82,600 Pounds of Debris and Trash Removed From Papahānaumokuākea Marine National Monument 

November 15, 2020, 9:04 AM HST · Updated November 16, 5:24 AM
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Photo: courtesy Papahānaumokuākea Marine Debris Project

More than 82,600 pounds of marine debris and trash were removed during a 16-day cleanup project at Lalo (French Frigate Shoals) within Papahānaumokuākea Marine National Monument. Part of the Hawaiian Islands National Wildlife Refuge, Lalo is a remote atoll over 550 miles from Honolulu that provides essential habitat for nesting seabirds, threatened honu (green sea turtles), and endangered ʻīlioholoika-uaua (Hawaiian monk seals).

“Working together with the Papahānaumokuākea Marine Debris Project and Monument co-managers, we were able to reduce the amount of entrapment and entanglement hazards at Lalo,” said U.S. Fish and Wildlife Service Monument Superintendent Jared Underwood. “Though work to cleanup debris takes place throughout the year, this trip was essential for removing some of the larger threats posed by aging infrastructure on the island.”

When Hurricane Walaka passed over Lalo as a Category 3 storm in October of 2018, wind and storm surge scattered debris across Tern Island, which is the largest island at Lalo. The hurricane exacerbated existing entrapment threats to wildlife posed by infrastructure left behind from the island’s days as a US Navy airfield in World War II, a US Coast Guard Long Range Navigation radio station, and as a field research station. 

Since the storm, the debris cluttering Tern Island has posed an increased hazard to wildlife, entangling and entrapping honu, ʻīlioholoikauaua, and several species of seabirds. 

Photo: courtesy Papahānaumokuākea Marine Debris Project

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Led by local non-profit organization the Papahānaumokuākea Marine Debris Project, and in partnership with the US Fish and Wildlife Service, the project worked to remove the debris over 16-days in the Monument. The crew of 11 removed derelict fishing nets and plastics as well as infrastructurerelated hurricane debris, including lumber, roofing, steel cable, scrap metal, boat hulls, tires, and fiberglass. Additionally, problematic sections of concrete slab were broken up to prevent future turtle entrapment, and steel slats that made up the WWII-era sea wall were strategically cut and removed to provide escape routes back to the open ocean for entrapped monk seal pups and turtles- an action which immediately yielded positive results as the team witnessed several trapped seals utilizing these openings.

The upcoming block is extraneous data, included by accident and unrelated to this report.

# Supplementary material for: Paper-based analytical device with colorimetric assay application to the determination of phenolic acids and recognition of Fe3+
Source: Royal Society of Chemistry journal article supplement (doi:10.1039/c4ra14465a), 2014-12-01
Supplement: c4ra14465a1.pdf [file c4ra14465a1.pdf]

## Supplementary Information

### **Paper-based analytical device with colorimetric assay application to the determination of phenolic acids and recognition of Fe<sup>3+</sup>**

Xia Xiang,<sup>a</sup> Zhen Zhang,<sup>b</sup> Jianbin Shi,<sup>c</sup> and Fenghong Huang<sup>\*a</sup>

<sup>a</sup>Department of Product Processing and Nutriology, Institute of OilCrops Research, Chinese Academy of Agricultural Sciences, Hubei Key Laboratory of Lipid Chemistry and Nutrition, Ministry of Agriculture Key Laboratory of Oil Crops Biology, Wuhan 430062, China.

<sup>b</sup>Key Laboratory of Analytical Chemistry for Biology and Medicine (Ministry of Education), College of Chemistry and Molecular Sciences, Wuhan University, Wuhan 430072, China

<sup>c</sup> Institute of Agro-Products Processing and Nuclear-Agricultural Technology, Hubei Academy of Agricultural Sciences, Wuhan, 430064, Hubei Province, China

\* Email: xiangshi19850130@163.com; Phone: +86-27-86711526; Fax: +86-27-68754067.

Papahānaumokuākea ithe most amazing landscape on earth, both ecologically and culturally, and one that sustains our most vulnerable Hawaiian wildlife species,” said Papahānaumokuākea Marine Debris Project President and Founder Kevin OBrien. “Picture tiny sandy islands where nearly every square foot of land is used by seabirds, turtles and seals for critical nesting, burrowing, basking and pupping. So it’s a good feeling when we come away from one of these cleanups with a massive pile of rubbish, because each pound of debris removed from this landscape directly translates into square footage of new, safe, available space for wildlife to use.  This type of tangible positive action is what our organization works to provide for the wildlife of Papahānaumokuākea.

Lalo is home to abundant wildlife and one of the most significant coral reef systems in the Monument. Over 90% of the Hawaiian population of honu travel to Lalo for safe nesting. The atoll is also home to 18 different seabird species and approximately 500,000 breeding seabirds. Lalo is also home to ʻīlioholoikauaua and serves as an important pupping site.

Hawaiian cultural protocols were observed by the field team each day throughout the expedition to honor the place, seek permissions, and to set intentions for conducting work in this special place. 

Support for the clean-up was provided by the US Fish and Wildlife Service, National Fish and Wildlife Foundation, USFWS Pacific Islands Coastal Program, NOAA Pacific Islands Fisheries Science Center, NOAA Office of National Marine Sanctuaries, State of Hawaiʻi DLNR DOFAW, and Office of Hawaiian Affairs, as well as private donations raised by Papahānaumokuākea Marine Debris Project.

Photo: courtesy Papahānaumokuākea Marine Debris Project

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